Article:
Local economists have long blamed Loveland's high food sales taxes as the reason
many shoppers leave the city to buy more expensive food items and also the reason
the city has a difficult time attracting super markets. In the proposed deal with Sprouts
Farmer's Market (and as part of the overall subsidy), the store collects but doesn't pay
any sales tax for the first year. This scheme allows the retailer to hide their higher price
in sales taxes their competitors are not allowed to keep.
Grocery stores, according to industry experts, operate on an average profit between 1-
3%. Therefore, selling large quantities of product is the only way supermarkets make-
up for the very thin profit margin. Comparison shoppers will also switch stores over
only a 1-2% difference in price. So far, it appears the staff analysis and discussion of
city sales tax revenue assumes 100% of the sales forecast for Sprouts will only come
from outside Loveland thus not impacting local sales at nearby markets like Safeway or
the The Crunchy Grocer.
In addition, by diverting future sales tax collections by Sprouts from consumers towards
repayment of the developer's "loan" for the project, the city perpetuates a pricing
advantage for Sprouts where they hide their capital costs into what consumers believe
is simply a city sales tax. Non-subsidized competitors must price their cost of business
capital into the actual prices they are charging for the food. For example, the Crunchy
Grocer just east of the proposed location will need to price food items higher than
Sprouts even if they pay the same wholesale prices since the city is not reimbursing
The Crunchy Grocer the 3% sales tax they must collect.
Traffic Concerns Discussed At Length
According to the developer and city staff, Colorado Department of Transportation would
not grant permission for a curb cut along Highway 34 (Eisenhower) due to the proximity
of an already overly crowded intersection. Residents adjacent to the development and
across the street have been registering complaints to the city about the project for
weeks. Some councilors alluded to their objections and Mayor Pro Tem Clark stated,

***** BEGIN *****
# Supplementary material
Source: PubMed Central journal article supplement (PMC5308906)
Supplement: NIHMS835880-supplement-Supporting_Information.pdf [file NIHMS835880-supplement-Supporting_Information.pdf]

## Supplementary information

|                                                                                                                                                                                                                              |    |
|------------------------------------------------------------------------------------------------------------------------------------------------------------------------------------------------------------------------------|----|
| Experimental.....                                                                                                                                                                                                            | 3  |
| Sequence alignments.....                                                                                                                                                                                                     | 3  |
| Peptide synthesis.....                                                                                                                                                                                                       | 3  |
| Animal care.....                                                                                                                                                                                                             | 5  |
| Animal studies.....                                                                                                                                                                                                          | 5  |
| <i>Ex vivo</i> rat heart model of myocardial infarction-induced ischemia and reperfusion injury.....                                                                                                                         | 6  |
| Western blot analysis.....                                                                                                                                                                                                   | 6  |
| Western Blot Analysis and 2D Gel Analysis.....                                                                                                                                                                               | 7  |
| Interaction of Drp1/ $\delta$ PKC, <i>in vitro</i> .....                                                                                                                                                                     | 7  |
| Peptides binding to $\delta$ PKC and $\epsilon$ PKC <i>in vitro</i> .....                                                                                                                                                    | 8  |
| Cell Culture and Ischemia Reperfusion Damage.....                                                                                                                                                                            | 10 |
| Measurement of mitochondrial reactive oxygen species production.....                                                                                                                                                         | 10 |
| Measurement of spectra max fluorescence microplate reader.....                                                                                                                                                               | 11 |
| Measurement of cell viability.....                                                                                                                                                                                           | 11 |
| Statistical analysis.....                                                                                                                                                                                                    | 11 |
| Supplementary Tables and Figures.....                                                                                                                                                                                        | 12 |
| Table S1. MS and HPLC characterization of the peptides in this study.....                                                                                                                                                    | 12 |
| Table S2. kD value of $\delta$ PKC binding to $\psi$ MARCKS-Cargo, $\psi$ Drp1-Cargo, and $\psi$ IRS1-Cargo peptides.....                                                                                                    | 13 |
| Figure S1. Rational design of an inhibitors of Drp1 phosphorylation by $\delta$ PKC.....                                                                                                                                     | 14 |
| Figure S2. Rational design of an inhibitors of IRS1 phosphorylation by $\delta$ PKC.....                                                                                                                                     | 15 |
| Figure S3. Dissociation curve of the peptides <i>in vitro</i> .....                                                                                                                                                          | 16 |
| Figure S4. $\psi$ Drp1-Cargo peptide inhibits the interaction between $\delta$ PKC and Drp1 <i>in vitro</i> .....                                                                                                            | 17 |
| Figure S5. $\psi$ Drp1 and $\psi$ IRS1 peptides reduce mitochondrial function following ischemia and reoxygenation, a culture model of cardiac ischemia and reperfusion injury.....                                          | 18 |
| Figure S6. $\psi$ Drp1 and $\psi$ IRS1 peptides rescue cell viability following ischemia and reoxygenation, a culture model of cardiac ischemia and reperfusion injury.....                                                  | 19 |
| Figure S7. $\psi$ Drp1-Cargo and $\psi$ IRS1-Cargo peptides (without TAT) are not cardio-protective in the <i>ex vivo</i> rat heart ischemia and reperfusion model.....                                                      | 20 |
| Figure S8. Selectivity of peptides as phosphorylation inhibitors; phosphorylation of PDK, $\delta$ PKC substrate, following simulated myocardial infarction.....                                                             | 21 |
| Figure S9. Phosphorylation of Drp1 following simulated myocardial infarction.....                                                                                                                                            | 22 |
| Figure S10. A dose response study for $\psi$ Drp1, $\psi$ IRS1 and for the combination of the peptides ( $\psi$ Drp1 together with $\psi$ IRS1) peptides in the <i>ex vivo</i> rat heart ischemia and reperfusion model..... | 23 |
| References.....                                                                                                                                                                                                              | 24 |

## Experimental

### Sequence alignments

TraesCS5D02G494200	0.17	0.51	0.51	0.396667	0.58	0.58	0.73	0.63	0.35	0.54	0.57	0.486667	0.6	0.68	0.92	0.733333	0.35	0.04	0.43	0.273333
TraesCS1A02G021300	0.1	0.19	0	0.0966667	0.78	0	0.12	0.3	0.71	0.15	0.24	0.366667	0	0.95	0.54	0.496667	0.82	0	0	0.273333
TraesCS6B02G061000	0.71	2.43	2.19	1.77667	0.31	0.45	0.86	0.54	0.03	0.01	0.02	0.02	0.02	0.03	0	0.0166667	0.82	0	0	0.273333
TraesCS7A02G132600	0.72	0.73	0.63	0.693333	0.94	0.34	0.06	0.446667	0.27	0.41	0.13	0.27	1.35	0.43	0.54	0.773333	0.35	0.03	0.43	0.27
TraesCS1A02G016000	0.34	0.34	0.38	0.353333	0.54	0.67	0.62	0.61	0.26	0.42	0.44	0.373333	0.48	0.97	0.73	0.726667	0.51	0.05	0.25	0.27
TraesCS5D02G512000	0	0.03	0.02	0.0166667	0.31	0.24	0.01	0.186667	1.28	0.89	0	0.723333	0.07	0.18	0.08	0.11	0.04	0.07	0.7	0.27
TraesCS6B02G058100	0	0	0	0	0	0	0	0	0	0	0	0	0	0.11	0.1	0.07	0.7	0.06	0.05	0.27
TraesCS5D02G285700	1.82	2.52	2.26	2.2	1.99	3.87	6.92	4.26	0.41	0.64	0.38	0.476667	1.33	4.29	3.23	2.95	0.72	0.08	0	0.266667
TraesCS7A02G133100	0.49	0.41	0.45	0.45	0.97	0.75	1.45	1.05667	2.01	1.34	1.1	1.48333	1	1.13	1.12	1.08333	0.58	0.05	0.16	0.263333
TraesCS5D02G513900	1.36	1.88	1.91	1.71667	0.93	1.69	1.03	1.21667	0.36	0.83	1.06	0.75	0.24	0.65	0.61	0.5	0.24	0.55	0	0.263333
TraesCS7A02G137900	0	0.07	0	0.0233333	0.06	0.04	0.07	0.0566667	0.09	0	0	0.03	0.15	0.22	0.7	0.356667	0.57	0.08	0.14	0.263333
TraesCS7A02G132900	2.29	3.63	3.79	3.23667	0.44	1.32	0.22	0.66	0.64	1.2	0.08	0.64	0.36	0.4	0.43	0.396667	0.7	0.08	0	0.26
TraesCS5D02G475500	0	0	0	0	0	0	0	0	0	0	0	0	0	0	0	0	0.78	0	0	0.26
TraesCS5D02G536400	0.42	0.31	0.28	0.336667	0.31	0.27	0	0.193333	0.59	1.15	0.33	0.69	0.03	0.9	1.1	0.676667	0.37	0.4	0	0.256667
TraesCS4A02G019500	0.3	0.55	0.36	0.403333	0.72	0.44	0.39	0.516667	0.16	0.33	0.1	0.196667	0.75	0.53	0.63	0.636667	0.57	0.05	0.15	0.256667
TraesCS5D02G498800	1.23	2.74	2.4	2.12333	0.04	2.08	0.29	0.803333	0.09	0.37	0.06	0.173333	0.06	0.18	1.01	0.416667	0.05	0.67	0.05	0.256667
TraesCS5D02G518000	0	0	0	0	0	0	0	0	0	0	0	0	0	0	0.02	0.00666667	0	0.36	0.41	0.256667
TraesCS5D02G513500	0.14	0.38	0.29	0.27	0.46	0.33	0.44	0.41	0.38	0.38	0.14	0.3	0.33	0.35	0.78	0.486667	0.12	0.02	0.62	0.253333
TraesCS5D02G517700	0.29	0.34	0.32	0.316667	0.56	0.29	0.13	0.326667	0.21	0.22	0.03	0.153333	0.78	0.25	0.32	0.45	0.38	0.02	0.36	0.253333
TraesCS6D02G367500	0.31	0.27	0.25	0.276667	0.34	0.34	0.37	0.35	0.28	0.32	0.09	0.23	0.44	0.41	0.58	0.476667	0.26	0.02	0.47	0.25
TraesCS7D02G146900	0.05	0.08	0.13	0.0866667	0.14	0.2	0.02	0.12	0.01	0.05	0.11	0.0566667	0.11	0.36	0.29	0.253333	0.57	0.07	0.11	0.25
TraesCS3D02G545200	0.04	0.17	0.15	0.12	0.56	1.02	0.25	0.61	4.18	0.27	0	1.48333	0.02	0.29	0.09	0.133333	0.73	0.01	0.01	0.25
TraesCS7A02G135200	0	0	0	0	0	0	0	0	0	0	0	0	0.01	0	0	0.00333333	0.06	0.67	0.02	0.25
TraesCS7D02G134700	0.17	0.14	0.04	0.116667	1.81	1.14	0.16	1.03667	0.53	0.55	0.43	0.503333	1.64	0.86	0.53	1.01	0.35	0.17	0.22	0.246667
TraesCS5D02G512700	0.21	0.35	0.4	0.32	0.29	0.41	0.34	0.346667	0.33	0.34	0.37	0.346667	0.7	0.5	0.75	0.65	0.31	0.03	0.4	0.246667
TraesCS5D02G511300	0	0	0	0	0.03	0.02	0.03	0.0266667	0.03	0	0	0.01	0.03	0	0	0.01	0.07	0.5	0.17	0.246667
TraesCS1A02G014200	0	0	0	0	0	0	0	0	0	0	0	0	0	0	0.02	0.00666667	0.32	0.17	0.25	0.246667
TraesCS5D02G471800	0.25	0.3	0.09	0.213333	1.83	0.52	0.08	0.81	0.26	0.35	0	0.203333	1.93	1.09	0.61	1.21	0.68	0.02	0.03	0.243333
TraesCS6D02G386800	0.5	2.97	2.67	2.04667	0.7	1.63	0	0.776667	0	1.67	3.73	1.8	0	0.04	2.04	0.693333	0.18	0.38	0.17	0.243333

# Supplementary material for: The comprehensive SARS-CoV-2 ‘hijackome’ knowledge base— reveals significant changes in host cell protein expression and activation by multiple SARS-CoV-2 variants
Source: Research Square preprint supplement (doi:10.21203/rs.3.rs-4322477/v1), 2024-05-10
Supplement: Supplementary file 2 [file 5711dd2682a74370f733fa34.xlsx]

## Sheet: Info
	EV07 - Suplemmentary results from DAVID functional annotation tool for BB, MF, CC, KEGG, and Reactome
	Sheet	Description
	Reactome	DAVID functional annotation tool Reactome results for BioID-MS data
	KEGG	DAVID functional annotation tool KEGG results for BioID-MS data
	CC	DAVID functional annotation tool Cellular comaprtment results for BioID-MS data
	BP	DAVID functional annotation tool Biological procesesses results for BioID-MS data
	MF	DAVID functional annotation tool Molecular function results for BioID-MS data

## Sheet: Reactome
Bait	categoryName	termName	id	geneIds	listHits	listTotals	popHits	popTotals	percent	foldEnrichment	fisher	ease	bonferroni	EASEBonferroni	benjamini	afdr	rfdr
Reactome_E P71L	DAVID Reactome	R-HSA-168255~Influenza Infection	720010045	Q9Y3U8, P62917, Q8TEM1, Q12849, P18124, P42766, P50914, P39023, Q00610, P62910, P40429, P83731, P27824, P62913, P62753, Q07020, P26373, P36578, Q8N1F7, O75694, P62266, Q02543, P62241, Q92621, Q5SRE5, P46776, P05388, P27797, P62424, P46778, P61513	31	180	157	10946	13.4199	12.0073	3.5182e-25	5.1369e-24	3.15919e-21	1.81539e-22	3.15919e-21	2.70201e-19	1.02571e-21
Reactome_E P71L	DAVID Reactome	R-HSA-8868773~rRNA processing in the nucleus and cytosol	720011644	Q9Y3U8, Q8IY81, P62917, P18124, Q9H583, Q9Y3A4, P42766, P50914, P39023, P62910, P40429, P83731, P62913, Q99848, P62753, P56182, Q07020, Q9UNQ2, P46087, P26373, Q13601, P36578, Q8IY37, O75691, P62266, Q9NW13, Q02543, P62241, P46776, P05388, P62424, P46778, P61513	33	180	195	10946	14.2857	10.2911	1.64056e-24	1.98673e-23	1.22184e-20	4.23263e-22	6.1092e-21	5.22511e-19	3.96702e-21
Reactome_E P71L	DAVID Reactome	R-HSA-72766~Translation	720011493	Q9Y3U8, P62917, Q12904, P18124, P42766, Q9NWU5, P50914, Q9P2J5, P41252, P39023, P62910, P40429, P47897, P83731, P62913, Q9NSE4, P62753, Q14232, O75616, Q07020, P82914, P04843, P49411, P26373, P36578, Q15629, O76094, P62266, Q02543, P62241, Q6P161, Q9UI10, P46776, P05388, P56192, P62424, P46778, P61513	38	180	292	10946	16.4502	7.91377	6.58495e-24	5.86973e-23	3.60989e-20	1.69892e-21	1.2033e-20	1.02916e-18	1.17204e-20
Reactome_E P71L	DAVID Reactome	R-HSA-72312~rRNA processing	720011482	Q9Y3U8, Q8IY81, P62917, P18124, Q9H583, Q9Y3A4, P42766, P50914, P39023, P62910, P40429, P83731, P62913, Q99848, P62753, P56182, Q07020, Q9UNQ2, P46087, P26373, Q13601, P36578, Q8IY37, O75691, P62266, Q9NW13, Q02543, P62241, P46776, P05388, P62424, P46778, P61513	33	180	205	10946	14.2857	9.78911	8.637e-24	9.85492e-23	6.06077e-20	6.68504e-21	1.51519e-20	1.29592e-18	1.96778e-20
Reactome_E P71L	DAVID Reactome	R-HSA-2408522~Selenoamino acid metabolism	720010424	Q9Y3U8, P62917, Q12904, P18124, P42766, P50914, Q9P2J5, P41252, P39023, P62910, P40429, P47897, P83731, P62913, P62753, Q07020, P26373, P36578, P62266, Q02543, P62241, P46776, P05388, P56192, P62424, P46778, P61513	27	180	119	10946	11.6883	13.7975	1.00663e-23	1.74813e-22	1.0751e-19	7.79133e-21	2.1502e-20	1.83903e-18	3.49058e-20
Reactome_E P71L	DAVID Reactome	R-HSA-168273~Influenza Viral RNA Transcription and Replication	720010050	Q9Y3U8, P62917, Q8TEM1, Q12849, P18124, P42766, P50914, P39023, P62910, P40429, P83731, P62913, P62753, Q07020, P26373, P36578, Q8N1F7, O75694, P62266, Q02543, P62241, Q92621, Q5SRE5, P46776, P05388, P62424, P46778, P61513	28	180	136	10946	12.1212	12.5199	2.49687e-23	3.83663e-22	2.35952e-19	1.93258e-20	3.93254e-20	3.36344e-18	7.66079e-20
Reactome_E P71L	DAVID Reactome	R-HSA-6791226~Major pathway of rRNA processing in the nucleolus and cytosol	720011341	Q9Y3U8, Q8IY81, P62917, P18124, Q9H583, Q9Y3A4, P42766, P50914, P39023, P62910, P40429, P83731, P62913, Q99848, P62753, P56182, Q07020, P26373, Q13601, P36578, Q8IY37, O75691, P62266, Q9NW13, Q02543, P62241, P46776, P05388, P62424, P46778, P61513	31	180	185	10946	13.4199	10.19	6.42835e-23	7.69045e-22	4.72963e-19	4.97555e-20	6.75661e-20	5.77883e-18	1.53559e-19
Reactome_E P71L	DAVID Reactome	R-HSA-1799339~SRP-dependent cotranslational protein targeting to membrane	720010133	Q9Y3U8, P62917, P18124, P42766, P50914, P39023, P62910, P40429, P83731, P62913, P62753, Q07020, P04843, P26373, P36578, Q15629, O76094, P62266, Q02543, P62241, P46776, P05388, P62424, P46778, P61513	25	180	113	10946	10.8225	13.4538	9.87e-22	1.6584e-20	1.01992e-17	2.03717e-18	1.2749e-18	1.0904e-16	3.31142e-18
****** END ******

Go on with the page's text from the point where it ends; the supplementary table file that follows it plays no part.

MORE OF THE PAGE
"You live half a block from the busiest intersection in Loveland so you cannot
expect a rural environment forever” while Councilman Fogle argued he can develop
a gas station and convenience store on that corner, given the current zoning, so they
should be celebrating it is only going to be a super market.
Mike Scholl said he will need a resolution by council in a future meeting on both access
issues and the 'loan' before moving forward. Scholl told the council “It is a challenge
because the traffic there is bad.” He described the intersection as already
dysfunctional so the best the council can require, according to Scholl, is the
development not make the intersection even worse than it already is.
The votes to fund building the super market with city money appear to be already
gathered. Councilman Phil Farley indicated he will vote in favor of the project subsidy
because his wife wants a Sprouts Market in Loveland while Councilman John Fogle
didn't ask any questions but instead consumed his time advocating for the project and
countering any concerns of his colleagues.
Councilors Joan Shaffer, Troy Krenning, John Fogle and Mayor Gutierrez met the
developer in private meetings about a month ago in what were described as "howdy-do"
meetings to get to know the developer and discuss the project. These meetings were
organized by staff so only two councilors met the developer at once to avoid obvious
violations of Colorado open meeting laws which require elected officials to conduct city
business in public. In addition, the developer had a number of phone conversations
with members of the council.
Mayor Cecil Gutierrez and Councilman Hugh McKean were the only two who asked
substantive question or sought additional explanations from the presenters. As is often
the case, most of the council has already met privately with representatives of both
Evergreen and Sprouts Farmer's Market resulting in the applicant calling councilors by
their first names during the meeting as if they were already old friends.
McKean asked Carlson how much their investors in the project expected to profit since
that information is not available to the city. Carlson said they already "crunched" them
down below 20% into the "teens."
Even Councilman McKean, who earlier in the same meeting voiced concerns that "now
we are in the business of lending money to get a specialty grocer in town" and “It
takes me way outside of my comfort zone of how we spend public money” seemed
to accept the premise the subsidy is a "loan" even though it will be repaid by diverting
sales taxes collected from consumers for city services and not by the investor,
developer or retailer.
|Council Ponders $2.2 Million Subsidy for
Developer of Sprout's Farmer Market
|“We are going to guarantee the Jesus out
of this thing”
Evergreen's representative Tyler Carlson
requested a $2.2 million subsidy to develop
Sprouts in Loveland. In this video, he explains
they are overpaying for the property thus
require city funds to make up the difference.